Steam trains and Bec a Vin

Jamie – 7 September 2011

One of the beautiful aspects of the region around Uzes is that it is full of narrow country roads, lined with 50 year old Plane trees, alongside fields of sunflowers. One of the terrifying aspects of driving here is that it is full of narrow country roads, lined with 50 year old Plane trees, alongside fields of sunflowers… It can be white knuckle, teeth clenching stuff.

Admittedly our nerves may be a little frayed by the fact we are already onto our second leased car in three weeks, and that our car of choice is a rather large Renault Espace (a soccer-mum’s car as Bec calls it). You can literally count the ladybirds on the bark of each tree as we trundle down these beautiful roads, dodging each oncoming vehicle, some of them very large.

I’m also a little suspicious of Jane, our GPS auto-pilot. She sounds sweet, never gets stressed and gives the impression she knows exactly where she is going. She also has a habit of sending us along the narrowest, out-of-the way roads in the region, and suggesting we play chicken with the locals up one-way streets. Nor is it reassuring that there are other rental cars following us. They simply have Tom Toms too.

I sometimes wonder if Jane is a relative of HAL (of 2001, a Space Odyssey fame) and will be particularly vigilant next week as we drive along the cliff top roads of the Mediterranean into Italy. Three children in the back seat is distraction enough, and I don’t want her slipping anything like “at the next cliff, turn right” into the driver’s ear.

Anyway – after a couple of quiet days lying low in Uzes we have again ventured onto the roads in search of fun activities. Yesterday we drove about an hour to Anduze, a small country town south of here, where we caught a magnificent steam train to another small town, Saint-Jean-du-Gard, and back again. Both boys have their birthdays later this week and this trip was their present from my parents.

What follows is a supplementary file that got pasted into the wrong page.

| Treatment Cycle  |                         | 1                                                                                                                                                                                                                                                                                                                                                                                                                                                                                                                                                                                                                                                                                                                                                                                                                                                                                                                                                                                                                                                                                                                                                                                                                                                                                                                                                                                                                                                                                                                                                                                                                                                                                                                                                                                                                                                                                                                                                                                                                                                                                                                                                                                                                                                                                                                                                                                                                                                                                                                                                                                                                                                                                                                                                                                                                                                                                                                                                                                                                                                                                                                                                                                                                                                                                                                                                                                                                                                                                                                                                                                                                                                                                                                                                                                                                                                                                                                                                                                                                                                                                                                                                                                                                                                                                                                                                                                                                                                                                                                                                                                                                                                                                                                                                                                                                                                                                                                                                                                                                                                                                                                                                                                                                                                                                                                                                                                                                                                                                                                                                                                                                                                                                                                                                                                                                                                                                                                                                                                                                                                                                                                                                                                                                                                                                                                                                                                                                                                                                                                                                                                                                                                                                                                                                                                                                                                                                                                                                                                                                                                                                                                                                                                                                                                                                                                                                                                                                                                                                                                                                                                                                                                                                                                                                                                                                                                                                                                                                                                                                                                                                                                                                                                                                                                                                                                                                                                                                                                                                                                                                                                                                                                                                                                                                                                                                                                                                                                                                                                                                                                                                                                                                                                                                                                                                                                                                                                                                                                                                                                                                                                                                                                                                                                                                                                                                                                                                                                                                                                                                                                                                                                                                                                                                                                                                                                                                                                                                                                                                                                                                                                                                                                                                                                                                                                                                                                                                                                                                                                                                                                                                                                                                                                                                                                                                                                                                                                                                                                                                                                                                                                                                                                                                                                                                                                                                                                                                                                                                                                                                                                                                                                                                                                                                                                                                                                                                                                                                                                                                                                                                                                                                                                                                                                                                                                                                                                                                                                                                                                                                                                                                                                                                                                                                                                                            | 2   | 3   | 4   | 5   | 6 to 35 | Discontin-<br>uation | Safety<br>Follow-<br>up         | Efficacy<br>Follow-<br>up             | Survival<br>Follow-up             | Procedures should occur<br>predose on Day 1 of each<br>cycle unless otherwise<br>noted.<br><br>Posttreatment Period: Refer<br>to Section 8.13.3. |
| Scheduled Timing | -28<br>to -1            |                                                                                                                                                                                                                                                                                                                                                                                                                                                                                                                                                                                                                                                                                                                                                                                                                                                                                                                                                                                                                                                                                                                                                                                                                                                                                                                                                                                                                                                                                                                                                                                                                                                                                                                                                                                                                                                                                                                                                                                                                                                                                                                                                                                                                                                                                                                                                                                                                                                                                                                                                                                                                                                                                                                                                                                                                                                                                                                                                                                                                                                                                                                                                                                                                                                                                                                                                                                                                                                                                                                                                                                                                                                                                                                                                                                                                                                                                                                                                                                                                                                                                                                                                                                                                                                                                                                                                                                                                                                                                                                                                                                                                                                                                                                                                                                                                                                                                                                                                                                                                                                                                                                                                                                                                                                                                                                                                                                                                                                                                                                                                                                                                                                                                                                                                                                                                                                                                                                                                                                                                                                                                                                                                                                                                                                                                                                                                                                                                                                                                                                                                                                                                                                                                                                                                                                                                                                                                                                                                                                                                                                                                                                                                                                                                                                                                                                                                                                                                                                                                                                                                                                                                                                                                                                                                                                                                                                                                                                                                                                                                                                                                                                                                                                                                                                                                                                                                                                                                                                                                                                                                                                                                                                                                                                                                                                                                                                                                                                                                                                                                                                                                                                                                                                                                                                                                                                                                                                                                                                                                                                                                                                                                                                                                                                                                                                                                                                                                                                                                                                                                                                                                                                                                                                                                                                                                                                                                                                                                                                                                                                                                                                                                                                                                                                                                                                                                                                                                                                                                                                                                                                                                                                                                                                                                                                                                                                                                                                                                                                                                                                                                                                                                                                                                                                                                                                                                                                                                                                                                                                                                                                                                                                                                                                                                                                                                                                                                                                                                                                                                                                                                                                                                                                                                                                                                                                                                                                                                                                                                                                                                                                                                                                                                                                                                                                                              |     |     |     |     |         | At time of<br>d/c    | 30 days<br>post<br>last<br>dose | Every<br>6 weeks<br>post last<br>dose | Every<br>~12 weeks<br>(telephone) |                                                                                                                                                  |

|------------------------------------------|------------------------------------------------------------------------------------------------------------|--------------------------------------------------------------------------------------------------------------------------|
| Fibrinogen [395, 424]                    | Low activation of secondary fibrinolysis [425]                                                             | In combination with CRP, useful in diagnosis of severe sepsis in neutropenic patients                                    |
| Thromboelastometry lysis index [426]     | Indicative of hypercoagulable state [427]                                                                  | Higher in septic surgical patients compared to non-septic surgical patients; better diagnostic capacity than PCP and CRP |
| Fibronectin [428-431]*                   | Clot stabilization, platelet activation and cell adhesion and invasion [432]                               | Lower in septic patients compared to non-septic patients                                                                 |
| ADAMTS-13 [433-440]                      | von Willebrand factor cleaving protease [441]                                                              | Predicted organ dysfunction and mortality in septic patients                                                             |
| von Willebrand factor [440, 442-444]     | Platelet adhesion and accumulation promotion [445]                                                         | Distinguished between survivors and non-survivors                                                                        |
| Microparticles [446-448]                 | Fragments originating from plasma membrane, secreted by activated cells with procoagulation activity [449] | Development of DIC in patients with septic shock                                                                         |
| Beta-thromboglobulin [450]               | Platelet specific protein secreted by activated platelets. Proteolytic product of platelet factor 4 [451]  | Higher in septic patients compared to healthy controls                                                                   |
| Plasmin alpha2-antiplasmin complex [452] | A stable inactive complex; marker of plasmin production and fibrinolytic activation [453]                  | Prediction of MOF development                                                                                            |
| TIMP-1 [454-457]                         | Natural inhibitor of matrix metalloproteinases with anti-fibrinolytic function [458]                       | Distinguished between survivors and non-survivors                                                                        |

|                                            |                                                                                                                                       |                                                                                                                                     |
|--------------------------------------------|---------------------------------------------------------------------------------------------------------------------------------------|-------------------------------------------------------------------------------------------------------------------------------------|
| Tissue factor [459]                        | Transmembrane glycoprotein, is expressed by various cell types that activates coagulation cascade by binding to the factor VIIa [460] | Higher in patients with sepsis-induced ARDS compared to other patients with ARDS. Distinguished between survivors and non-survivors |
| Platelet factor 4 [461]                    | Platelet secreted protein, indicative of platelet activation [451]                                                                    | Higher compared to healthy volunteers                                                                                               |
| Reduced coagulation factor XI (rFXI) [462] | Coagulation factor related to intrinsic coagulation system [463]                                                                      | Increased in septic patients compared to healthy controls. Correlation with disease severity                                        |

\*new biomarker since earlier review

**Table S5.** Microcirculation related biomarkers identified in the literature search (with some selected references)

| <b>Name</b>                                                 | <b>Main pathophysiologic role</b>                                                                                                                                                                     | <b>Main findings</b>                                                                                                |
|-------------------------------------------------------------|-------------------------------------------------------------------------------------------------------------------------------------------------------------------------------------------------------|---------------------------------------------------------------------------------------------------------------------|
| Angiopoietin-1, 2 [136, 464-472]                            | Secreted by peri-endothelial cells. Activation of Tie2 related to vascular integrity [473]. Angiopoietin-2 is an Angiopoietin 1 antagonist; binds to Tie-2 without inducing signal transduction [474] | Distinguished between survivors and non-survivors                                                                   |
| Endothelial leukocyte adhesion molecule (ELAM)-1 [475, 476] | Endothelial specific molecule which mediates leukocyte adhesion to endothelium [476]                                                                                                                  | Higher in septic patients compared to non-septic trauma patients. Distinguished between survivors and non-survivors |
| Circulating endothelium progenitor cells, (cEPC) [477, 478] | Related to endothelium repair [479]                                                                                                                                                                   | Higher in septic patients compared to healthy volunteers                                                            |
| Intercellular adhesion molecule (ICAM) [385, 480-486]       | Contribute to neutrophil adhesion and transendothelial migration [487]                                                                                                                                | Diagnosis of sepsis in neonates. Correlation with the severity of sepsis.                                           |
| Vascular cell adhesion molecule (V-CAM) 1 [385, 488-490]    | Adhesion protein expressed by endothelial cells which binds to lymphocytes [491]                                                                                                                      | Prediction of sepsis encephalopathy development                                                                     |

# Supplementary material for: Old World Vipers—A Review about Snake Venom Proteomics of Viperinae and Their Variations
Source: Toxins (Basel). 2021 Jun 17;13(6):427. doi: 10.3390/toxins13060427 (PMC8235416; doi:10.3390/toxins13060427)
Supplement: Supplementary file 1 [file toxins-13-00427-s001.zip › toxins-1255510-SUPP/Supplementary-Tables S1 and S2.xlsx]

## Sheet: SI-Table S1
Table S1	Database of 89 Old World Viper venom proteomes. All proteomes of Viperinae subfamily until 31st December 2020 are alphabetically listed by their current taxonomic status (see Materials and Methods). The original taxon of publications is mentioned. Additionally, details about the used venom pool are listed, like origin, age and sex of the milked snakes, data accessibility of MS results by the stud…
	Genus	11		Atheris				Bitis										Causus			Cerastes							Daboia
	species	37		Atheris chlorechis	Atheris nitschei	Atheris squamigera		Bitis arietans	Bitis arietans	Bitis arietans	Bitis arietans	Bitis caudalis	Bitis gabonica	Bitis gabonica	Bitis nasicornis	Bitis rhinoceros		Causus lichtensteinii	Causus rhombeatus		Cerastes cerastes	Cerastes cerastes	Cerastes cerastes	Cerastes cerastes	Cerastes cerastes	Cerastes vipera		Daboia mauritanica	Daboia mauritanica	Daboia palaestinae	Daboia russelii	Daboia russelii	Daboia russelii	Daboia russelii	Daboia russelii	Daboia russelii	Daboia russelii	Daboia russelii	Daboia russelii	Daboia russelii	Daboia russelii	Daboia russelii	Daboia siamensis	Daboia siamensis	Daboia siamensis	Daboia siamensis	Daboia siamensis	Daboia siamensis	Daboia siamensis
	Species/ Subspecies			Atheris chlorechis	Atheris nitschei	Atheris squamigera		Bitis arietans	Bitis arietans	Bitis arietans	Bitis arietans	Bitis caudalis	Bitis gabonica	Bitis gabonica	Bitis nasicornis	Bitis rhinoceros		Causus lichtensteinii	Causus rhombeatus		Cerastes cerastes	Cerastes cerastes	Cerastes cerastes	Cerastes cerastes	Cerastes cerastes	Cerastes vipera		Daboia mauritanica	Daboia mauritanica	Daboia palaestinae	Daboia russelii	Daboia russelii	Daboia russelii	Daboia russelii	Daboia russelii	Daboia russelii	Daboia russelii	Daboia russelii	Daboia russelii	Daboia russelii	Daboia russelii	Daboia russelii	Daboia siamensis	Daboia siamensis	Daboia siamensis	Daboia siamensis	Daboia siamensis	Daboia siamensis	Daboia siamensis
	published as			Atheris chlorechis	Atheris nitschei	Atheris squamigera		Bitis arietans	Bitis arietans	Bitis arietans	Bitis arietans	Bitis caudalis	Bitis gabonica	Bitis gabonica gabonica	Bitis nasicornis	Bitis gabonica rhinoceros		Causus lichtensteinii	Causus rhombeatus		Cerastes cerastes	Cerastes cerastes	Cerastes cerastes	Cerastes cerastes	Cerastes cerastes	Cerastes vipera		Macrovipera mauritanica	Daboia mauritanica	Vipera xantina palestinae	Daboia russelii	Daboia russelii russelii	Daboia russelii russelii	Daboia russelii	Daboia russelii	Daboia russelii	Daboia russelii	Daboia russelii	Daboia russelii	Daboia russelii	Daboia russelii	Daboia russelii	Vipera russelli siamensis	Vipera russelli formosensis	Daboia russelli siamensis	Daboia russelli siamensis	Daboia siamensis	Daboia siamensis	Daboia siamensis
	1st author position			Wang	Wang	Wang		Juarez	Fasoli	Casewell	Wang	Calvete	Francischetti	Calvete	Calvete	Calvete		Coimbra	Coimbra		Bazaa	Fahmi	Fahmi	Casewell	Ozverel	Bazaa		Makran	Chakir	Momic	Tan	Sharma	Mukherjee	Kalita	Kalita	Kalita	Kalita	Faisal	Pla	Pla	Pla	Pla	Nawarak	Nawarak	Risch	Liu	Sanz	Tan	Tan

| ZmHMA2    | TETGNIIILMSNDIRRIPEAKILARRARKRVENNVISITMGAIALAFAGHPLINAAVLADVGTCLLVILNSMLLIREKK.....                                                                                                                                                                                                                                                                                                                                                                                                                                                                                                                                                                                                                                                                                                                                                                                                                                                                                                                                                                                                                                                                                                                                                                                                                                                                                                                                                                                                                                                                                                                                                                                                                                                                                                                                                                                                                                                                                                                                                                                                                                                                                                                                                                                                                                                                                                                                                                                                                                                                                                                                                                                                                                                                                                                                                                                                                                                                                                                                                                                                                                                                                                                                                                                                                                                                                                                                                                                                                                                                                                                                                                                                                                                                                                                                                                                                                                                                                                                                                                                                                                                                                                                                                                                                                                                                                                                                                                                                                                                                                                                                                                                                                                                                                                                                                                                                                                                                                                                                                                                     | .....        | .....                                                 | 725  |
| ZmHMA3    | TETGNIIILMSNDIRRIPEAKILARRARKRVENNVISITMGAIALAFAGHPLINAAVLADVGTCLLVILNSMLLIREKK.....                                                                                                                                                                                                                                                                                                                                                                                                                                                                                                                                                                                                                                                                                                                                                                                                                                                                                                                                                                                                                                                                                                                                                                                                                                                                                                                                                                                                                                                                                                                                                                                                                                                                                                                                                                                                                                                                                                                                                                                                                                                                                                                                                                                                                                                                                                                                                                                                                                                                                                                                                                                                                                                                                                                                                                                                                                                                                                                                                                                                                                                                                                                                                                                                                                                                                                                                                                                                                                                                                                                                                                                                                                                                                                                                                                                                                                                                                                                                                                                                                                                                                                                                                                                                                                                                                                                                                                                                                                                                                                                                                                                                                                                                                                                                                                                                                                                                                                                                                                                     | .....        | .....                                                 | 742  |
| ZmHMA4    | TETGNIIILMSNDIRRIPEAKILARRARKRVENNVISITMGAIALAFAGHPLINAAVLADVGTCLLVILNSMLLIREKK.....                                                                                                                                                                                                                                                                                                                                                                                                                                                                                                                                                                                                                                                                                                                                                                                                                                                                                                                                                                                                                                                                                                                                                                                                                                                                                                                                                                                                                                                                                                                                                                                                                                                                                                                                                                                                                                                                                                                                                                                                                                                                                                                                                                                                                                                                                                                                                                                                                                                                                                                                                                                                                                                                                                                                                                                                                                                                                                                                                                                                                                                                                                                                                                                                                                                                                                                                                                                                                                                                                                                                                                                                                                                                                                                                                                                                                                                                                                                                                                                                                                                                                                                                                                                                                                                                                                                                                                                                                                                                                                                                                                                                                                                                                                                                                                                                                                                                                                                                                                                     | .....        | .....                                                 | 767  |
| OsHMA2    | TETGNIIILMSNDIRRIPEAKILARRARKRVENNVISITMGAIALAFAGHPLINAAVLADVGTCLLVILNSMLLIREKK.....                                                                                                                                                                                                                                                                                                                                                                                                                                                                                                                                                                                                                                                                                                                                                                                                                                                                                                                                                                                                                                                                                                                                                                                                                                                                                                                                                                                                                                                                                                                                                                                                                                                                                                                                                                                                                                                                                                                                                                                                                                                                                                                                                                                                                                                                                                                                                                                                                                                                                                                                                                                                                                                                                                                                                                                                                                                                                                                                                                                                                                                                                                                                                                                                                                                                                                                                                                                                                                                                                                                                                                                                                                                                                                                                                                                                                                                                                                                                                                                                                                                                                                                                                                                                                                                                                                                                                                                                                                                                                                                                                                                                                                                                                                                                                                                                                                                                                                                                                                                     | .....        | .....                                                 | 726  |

It reminded me of Puffing Billy, except that it went over Roman-built aqueducts, through a mountain via a 1km tunnel, and offered extraordinary views over rugged landscape dotted with medieval villages. The children were presented with small flags when they boarded and spent the next hour madly waving them at anyone we passed. We caught the end of market day at Saint-Jean-du-Gard and also enjoyed watching the surprisingly large fish swim upstream from the old stone bridge. We then had the obligatory ice-cream and caught our steam train back to Anduze.

It was a great day capped off by some babysitting last night which allowed Bec and I to go out to dinner at an Uzes restaurant we have often walked past and wondered about – the appropriately named “Bec a Vin” (which I believe translates as “mouthful of wine”). It turned out to be a real find. Whilst the restaurant itself is tucked away in the cobbled streets near the main town square, it hides inside its doors a beautiful small and intimate garden, with tables surrounded on all sides by towering ancient stone walls and featuring a giant fig tree through which a million stars twinkle. The food and wine were both excellent – it was a wonderful night.

Today I drove the boys to an outdoor adventure park (flying foxes, rope courses in the trees, etc) but unfortunately it was closed (contrary to their website’s guidance). No matter – we marked it up to driving practice for Dad, and returned to Uzes where all three children went next door to artist Maude’s house for their next art lesson. We shall wait and see what they return with!

The view from our train .. spectacular !

Foster and Mylo on the bridge in Saint Jean Du Gard

Sari and Mylo. Downtime in Saint Jean Du Gard.

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One Response to Steam trains and Bec a Vin

  1. How magnificent! Glad the new car is being put to good use (or is that Uzes?).
    Train looks amazing.
    Kisses to kids; ?Are there similar activities about to be undertaken that we can denote as “Pa and Mich’s B’d presents for the boys”?.
    Love, Dad/Graham

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